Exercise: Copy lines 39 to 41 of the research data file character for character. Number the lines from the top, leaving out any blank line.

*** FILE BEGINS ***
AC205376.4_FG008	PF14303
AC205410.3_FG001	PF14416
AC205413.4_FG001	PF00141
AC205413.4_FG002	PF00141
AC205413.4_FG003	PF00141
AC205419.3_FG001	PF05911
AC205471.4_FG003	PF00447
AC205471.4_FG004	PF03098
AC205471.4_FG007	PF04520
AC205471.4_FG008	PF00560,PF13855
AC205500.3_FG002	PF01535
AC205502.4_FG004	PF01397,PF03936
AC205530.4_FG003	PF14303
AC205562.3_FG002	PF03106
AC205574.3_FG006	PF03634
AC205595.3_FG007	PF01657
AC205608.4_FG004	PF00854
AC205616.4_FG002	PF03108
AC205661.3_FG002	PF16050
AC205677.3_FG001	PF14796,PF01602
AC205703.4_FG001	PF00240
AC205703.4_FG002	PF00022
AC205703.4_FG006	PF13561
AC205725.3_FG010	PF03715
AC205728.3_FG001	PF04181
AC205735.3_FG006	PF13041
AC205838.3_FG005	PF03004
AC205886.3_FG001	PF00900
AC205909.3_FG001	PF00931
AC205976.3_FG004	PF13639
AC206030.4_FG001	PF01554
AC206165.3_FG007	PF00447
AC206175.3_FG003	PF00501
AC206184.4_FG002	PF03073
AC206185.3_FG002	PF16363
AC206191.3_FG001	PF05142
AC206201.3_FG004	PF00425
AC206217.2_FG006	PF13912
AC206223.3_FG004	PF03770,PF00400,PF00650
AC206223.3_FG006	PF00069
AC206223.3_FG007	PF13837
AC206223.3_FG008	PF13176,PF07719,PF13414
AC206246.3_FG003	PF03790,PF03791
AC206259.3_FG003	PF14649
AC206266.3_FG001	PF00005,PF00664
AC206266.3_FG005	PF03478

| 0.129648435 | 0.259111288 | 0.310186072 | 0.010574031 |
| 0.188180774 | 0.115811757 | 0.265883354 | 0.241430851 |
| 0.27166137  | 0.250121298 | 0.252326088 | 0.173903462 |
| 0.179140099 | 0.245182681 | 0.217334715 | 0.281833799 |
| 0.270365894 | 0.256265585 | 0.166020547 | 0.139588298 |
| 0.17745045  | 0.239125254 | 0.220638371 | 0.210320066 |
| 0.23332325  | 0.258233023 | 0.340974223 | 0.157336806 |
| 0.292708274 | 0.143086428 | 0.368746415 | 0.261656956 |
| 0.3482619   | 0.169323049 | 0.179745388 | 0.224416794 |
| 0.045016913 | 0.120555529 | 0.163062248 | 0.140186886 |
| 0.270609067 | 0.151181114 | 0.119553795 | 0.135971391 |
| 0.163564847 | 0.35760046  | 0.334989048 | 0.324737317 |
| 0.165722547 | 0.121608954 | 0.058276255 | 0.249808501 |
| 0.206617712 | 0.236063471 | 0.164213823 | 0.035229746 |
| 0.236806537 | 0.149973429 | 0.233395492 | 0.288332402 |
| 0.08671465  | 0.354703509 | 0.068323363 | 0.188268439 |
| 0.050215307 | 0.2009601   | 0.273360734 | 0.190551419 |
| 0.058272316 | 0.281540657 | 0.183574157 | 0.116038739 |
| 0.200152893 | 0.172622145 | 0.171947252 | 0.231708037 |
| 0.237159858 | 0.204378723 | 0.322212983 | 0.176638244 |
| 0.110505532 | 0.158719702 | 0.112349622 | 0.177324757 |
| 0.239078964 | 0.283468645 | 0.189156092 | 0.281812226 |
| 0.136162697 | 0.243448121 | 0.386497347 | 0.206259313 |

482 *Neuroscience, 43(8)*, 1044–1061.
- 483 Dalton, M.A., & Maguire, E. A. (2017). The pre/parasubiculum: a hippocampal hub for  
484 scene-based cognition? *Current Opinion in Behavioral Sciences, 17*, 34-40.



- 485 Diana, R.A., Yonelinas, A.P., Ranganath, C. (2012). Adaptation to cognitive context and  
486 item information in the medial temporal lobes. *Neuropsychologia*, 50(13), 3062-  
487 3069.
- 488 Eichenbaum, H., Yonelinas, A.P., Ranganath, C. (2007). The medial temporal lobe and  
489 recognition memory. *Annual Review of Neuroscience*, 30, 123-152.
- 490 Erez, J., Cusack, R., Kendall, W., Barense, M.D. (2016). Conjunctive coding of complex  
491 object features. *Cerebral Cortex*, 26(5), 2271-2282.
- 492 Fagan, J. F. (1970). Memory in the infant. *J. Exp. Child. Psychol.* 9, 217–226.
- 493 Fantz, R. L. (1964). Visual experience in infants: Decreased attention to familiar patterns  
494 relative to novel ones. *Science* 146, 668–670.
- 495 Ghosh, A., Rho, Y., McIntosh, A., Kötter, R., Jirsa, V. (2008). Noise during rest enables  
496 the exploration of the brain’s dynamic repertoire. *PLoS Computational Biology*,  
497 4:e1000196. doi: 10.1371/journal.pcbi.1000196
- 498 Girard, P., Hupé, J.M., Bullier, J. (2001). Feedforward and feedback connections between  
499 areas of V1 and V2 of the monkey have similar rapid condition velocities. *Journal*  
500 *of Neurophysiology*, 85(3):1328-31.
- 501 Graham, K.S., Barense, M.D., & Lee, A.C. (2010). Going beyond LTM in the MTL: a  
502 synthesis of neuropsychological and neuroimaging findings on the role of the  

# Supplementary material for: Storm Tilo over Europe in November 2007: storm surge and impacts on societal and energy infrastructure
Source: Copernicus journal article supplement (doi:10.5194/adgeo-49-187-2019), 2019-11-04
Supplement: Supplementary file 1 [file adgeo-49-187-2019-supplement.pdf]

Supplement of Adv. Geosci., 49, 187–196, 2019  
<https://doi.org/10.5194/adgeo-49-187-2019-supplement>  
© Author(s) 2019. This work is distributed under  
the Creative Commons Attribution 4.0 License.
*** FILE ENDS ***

AC206223.3_FG004	PF03770,PF00400,PF00650
AC206223.3_FG006	PF00069
AC206223.3_FG007	PF13837